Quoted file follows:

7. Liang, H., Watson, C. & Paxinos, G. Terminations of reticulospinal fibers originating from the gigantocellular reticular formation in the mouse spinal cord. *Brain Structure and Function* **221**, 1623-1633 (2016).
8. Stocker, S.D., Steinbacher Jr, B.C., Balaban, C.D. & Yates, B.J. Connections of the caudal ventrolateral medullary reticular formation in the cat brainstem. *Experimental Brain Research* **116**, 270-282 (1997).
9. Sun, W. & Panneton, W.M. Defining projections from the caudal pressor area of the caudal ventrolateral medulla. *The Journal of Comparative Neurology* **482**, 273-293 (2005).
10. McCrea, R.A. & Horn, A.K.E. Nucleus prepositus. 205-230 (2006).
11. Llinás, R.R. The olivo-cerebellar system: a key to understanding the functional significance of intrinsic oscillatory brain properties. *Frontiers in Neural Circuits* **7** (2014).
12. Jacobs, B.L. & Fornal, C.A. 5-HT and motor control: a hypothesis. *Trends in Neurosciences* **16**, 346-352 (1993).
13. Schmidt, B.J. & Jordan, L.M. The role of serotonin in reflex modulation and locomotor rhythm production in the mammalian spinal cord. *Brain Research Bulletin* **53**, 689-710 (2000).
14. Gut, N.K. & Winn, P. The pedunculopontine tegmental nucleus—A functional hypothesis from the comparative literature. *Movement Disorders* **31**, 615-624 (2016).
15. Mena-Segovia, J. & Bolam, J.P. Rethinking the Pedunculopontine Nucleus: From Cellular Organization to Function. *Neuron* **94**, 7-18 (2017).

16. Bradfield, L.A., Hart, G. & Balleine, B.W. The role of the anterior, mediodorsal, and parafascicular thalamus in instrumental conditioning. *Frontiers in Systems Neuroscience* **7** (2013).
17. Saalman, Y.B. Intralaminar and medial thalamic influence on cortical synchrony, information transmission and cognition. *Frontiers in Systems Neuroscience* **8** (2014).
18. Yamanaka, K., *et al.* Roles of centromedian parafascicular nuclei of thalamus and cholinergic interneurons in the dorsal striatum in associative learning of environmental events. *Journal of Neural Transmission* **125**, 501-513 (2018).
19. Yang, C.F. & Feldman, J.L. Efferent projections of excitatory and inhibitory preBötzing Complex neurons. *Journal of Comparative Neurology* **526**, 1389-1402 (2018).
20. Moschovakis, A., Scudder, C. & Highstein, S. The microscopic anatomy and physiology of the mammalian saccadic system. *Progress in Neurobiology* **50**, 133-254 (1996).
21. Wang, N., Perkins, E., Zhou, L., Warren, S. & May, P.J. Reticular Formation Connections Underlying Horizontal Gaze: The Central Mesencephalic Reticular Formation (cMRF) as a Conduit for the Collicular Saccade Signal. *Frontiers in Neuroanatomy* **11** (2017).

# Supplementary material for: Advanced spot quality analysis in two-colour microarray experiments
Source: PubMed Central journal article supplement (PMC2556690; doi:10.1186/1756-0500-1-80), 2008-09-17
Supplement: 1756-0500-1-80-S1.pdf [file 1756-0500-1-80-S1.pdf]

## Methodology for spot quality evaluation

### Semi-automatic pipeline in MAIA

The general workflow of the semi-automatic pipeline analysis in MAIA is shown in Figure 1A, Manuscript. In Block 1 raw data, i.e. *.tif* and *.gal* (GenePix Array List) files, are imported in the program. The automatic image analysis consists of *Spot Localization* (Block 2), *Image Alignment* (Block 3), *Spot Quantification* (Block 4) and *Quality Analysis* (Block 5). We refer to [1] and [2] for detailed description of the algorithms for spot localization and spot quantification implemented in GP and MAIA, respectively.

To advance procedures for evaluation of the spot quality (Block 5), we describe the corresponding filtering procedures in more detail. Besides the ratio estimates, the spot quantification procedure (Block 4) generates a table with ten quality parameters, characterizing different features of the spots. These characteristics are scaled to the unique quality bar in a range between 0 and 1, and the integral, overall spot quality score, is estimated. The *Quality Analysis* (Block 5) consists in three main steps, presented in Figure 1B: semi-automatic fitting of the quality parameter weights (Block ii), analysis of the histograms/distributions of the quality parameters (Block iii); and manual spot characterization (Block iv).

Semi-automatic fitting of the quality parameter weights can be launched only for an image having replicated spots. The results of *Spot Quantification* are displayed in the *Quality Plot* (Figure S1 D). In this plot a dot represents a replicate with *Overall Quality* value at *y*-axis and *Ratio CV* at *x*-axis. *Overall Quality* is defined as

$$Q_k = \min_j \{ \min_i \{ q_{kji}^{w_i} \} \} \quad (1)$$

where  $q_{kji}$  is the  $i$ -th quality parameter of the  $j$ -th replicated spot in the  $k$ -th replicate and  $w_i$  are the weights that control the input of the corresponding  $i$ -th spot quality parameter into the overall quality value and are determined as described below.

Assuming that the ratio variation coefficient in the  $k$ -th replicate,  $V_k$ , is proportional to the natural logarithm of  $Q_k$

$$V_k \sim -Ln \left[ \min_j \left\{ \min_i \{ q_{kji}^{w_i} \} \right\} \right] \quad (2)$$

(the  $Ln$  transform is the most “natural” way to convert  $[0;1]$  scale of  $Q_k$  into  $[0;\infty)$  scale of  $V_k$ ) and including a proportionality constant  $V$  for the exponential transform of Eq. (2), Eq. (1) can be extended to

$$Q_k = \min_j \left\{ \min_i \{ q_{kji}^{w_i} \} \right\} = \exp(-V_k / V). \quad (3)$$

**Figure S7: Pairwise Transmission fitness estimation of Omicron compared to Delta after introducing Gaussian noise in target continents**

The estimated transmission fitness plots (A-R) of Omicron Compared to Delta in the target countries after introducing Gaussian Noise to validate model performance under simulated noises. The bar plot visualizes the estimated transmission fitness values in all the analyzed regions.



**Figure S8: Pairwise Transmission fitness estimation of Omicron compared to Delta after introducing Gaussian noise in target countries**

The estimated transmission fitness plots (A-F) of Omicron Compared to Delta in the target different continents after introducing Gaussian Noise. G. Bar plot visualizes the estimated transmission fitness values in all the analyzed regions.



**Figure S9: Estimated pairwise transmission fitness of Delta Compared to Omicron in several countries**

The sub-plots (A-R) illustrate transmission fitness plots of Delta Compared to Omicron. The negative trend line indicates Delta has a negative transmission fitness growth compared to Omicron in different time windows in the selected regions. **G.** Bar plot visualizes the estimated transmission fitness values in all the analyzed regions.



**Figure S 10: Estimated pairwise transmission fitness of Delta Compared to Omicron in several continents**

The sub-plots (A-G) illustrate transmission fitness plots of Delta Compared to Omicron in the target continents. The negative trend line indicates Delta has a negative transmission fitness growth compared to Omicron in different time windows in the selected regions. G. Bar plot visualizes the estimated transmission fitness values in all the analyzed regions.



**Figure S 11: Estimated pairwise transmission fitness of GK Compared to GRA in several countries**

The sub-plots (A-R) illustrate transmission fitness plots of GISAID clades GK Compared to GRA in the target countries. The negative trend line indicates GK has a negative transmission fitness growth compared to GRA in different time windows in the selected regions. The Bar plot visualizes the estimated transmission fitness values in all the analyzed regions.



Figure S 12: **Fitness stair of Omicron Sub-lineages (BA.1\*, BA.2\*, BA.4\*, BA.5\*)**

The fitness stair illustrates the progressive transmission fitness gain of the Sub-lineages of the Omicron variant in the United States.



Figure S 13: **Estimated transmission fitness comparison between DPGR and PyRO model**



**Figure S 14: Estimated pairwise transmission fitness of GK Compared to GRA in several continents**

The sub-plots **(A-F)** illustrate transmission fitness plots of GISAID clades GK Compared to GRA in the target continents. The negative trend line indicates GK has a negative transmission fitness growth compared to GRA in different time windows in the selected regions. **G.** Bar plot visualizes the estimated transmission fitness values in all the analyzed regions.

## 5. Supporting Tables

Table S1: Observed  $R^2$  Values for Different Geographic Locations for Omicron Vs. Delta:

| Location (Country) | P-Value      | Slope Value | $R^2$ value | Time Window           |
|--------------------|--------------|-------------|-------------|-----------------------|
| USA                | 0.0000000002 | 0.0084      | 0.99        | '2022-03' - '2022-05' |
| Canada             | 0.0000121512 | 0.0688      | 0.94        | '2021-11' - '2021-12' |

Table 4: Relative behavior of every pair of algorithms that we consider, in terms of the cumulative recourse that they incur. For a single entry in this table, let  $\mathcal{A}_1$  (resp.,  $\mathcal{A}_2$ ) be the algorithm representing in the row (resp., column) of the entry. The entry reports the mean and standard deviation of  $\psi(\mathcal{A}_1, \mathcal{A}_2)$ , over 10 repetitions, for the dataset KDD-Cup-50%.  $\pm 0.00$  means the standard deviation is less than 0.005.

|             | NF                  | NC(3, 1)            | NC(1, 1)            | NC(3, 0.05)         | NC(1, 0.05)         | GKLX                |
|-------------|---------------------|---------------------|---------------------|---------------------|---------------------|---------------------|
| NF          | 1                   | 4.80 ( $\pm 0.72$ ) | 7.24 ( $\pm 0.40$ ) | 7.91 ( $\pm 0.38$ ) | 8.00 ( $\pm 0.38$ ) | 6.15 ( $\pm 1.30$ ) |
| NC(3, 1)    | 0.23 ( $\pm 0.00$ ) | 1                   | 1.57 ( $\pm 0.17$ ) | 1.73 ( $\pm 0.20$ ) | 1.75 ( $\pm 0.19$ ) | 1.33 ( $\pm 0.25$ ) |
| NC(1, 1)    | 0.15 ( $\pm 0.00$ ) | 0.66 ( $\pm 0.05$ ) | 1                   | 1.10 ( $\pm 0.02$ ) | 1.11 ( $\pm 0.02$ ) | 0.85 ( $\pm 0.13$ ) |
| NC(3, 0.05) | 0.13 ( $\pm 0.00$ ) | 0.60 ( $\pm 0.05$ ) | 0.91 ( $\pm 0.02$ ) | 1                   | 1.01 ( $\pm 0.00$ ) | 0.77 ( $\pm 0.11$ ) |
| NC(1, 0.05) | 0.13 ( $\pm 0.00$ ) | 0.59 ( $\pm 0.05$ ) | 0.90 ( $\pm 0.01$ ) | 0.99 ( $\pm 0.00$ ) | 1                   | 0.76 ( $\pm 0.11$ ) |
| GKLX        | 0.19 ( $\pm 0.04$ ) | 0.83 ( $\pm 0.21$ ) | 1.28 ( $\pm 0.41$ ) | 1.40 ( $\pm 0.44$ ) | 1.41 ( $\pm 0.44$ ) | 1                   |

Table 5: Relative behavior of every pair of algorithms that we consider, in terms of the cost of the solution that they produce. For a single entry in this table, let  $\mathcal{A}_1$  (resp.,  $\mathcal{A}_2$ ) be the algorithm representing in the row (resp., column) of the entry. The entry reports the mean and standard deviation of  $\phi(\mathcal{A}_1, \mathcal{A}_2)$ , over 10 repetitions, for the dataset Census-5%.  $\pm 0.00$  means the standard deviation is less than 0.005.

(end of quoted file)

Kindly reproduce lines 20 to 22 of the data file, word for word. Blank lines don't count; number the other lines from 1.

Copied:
### Semi-automatic pipeline in MAIA

The general workflow of the semi-automatic pipeline analysis in MAIA is shown in Figure 1A, Manuscript. In Block 1 raw data, i.e. *.tif* and *.gal* (GenePix Array List) files, are imported in the program. The automatic image analysis consists of *Spot Localization* (Block 2), *Image Alignment* (Block 3), *Spot Quantification* (Block 4) and *Quality Analysis* (Block 5). We refer to [1] and [2] for detailed description of the algorithms for spot localization and spot quantification implemented in GP and MAIA, respectively.

To advance procedures for evaluation of the spot quality (Block 5), we describe the corresponding filtering procedures in more detail. Besides the ratio estimates, the spot quantification procedure (Block 4) generates a table with ten quality parameters, characterizing different features of the spots. These characteristics are scaled to the unique quality bar in a range between 0 and 1, and the integral, overall spot quality score, is estimated. The *Quality Analysis* (Block 5) consists in three main steps, presented in Figure 1B: semi-automatic fitting of the quality parameter weights (Block ii), analysis of the histograms/distributions of the quality parameters (Block iii); and manual spot characterization (Block iv).